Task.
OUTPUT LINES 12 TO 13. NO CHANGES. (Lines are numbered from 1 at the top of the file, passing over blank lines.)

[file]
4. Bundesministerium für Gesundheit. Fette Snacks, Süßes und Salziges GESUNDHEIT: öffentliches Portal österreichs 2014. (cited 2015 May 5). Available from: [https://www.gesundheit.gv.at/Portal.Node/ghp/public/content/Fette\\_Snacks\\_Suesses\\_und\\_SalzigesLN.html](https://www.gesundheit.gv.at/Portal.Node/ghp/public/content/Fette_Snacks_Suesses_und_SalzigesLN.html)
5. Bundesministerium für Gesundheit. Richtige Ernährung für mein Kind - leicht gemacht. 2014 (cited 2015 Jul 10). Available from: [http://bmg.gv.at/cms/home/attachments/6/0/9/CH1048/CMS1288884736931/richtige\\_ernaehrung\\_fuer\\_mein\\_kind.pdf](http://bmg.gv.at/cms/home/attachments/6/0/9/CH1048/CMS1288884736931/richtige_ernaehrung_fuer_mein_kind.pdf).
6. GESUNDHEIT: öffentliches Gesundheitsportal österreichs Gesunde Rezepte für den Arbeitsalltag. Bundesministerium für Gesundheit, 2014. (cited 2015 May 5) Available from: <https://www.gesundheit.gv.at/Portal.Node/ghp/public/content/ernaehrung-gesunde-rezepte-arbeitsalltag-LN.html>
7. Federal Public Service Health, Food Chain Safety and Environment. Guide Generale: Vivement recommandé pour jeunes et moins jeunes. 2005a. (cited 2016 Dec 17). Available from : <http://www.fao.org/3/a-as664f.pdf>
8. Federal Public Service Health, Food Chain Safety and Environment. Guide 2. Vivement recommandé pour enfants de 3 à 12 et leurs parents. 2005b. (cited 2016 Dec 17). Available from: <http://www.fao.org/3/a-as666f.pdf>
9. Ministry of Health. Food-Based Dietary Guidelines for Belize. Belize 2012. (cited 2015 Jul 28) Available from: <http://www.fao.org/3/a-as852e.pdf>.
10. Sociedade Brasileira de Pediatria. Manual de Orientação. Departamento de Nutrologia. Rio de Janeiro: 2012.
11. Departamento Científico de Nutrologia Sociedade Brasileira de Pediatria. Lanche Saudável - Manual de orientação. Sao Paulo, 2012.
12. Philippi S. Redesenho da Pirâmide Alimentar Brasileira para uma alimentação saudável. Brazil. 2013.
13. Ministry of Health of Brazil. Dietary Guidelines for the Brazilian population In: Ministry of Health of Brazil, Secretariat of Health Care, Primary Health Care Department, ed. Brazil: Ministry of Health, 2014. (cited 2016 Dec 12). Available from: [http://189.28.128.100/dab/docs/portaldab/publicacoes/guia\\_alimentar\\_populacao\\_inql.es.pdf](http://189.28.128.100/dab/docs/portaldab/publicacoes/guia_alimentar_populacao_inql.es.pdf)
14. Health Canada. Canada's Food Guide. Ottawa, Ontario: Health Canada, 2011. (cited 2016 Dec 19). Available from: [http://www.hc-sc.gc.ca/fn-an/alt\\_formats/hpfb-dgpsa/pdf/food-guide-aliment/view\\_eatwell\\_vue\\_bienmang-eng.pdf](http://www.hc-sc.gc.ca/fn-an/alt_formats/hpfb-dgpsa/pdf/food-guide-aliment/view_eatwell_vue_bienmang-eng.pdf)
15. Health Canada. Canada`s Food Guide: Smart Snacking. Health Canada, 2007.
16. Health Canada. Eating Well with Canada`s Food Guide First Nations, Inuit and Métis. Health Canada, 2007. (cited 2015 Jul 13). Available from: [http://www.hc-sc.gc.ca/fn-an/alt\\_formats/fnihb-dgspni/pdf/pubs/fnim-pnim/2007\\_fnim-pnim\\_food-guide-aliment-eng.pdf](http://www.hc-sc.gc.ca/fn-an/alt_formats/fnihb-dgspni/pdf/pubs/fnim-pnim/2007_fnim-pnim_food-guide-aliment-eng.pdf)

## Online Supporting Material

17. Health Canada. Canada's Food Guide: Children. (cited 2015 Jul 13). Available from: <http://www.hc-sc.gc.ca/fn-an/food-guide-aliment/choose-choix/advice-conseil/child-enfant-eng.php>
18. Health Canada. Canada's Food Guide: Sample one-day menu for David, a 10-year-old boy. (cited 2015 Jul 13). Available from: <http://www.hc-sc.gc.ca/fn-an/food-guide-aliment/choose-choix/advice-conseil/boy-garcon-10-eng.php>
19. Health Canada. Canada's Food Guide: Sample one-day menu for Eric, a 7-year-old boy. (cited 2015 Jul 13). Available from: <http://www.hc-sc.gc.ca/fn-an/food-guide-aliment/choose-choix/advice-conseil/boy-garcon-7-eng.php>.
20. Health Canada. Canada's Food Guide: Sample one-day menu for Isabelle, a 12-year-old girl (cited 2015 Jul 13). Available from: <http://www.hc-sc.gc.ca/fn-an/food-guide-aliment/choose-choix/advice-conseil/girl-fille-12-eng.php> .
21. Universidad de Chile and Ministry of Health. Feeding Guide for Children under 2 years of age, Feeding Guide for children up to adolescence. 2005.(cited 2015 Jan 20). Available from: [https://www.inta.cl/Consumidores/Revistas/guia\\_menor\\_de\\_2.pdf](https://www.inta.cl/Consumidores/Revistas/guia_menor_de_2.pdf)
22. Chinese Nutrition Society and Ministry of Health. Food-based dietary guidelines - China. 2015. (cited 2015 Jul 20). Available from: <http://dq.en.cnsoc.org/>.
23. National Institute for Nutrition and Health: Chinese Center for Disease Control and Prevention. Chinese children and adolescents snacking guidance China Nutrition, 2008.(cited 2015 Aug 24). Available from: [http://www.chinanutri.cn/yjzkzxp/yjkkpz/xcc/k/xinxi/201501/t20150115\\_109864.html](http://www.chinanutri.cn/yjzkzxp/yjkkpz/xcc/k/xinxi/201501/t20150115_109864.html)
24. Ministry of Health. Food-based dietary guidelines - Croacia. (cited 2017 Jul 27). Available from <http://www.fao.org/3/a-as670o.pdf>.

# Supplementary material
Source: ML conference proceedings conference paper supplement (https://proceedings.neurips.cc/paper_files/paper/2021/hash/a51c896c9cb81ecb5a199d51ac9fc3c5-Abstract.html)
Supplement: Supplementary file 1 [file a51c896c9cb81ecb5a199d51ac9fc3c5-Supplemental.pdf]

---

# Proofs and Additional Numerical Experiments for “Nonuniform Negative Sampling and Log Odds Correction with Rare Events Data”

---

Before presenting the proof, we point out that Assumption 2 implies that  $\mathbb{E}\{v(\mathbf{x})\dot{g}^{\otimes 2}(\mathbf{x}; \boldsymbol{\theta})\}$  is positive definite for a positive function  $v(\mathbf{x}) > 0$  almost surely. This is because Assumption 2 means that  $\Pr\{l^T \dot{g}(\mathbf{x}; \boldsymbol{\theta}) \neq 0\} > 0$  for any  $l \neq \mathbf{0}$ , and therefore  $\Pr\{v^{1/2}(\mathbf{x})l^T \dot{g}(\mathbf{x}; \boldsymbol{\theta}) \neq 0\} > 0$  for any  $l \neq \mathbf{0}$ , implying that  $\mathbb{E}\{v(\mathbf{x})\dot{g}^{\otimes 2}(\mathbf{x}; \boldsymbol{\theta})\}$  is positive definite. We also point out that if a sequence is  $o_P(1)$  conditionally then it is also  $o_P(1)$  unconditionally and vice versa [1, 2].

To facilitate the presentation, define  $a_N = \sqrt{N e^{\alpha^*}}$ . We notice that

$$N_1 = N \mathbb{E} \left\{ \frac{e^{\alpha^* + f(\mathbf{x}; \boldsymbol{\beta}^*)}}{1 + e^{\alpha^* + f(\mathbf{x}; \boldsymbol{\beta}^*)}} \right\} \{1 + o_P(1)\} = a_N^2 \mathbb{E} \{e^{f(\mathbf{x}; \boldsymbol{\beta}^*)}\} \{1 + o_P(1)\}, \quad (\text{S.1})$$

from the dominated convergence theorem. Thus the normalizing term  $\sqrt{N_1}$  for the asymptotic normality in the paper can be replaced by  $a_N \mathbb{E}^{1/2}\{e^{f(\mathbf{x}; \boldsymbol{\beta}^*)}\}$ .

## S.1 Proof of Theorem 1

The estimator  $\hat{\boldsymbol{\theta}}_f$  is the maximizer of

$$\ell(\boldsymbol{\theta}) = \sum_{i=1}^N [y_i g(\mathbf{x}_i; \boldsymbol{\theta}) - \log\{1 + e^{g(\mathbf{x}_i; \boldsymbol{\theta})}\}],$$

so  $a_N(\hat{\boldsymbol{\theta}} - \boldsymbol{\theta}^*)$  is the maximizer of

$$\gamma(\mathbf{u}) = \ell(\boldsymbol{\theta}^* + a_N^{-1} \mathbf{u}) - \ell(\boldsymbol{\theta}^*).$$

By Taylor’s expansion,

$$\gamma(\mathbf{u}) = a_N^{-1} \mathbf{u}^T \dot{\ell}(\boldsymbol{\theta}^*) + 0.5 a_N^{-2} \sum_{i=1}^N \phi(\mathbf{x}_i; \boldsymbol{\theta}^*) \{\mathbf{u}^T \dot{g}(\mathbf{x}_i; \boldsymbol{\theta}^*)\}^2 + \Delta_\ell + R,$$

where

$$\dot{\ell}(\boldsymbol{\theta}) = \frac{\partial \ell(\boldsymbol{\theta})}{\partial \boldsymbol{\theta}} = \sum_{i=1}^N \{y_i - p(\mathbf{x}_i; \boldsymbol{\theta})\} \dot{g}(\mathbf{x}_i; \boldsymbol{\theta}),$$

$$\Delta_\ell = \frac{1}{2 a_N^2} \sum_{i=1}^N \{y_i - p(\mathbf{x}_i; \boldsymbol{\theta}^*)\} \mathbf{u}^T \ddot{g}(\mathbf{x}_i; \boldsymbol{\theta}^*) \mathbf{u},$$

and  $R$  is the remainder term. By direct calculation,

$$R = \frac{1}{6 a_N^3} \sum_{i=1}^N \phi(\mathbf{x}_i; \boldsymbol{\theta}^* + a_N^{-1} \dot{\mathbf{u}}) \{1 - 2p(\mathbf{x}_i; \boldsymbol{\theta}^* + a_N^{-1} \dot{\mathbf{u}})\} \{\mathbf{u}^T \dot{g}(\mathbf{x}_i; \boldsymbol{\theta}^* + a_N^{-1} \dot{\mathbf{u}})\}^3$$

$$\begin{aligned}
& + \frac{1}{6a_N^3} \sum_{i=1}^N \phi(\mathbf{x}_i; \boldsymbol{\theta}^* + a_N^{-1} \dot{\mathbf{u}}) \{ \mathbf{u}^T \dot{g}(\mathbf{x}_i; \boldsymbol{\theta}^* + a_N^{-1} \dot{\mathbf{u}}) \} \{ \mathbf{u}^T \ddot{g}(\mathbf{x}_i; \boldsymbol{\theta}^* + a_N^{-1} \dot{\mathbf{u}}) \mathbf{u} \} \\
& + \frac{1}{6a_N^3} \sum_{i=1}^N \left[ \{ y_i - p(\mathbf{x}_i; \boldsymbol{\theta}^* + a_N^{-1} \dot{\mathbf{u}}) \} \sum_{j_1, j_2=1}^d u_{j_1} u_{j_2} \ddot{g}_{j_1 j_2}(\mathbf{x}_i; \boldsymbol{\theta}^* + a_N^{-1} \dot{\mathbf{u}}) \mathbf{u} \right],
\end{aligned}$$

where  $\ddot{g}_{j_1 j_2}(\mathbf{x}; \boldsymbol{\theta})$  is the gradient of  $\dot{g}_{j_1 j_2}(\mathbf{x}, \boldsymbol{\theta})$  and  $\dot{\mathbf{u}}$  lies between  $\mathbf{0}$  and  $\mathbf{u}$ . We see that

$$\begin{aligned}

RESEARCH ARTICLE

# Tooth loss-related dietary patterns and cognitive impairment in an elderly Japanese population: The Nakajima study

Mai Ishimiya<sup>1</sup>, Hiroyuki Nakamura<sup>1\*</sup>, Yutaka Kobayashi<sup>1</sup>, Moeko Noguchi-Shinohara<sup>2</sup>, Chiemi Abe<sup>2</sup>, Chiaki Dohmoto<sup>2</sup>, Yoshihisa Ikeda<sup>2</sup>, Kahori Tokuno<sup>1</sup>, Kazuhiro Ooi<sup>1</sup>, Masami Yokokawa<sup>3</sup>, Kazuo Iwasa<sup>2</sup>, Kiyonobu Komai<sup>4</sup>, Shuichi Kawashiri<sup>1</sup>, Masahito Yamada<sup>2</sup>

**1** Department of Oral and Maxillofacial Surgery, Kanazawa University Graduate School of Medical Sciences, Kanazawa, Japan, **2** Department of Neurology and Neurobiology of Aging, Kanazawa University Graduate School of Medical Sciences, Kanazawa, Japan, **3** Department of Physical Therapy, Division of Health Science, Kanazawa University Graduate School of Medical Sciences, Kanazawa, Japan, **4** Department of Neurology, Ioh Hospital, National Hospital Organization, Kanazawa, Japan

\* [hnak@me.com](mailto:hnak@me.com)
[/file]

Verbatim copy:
15. Health Canada. Canada`s Food Guide: Smart Snacking. Health Canada, 2007.
16. Health Canada. Eating Well with Canada`s Food Guide First Nations, Inuit and Métis. Health Canada, 2007. (cited 2015 Jul 13). Available from: [http://www.hc-sc.gc.ca/fn-an/alt\\_formats/fnihb-dgspni/pdf/pubs/fnim-pnim/2007\\_fnim-pnim\\_food-guide-aliment-eng.pdf](http://www.hc-sc.gc.ca/fn-an/alt_formats/fnihb-dgspni/pdf/pubs/fnim-pnim/2007_fnim-pnim_food-guide-aliment-eng.pdf)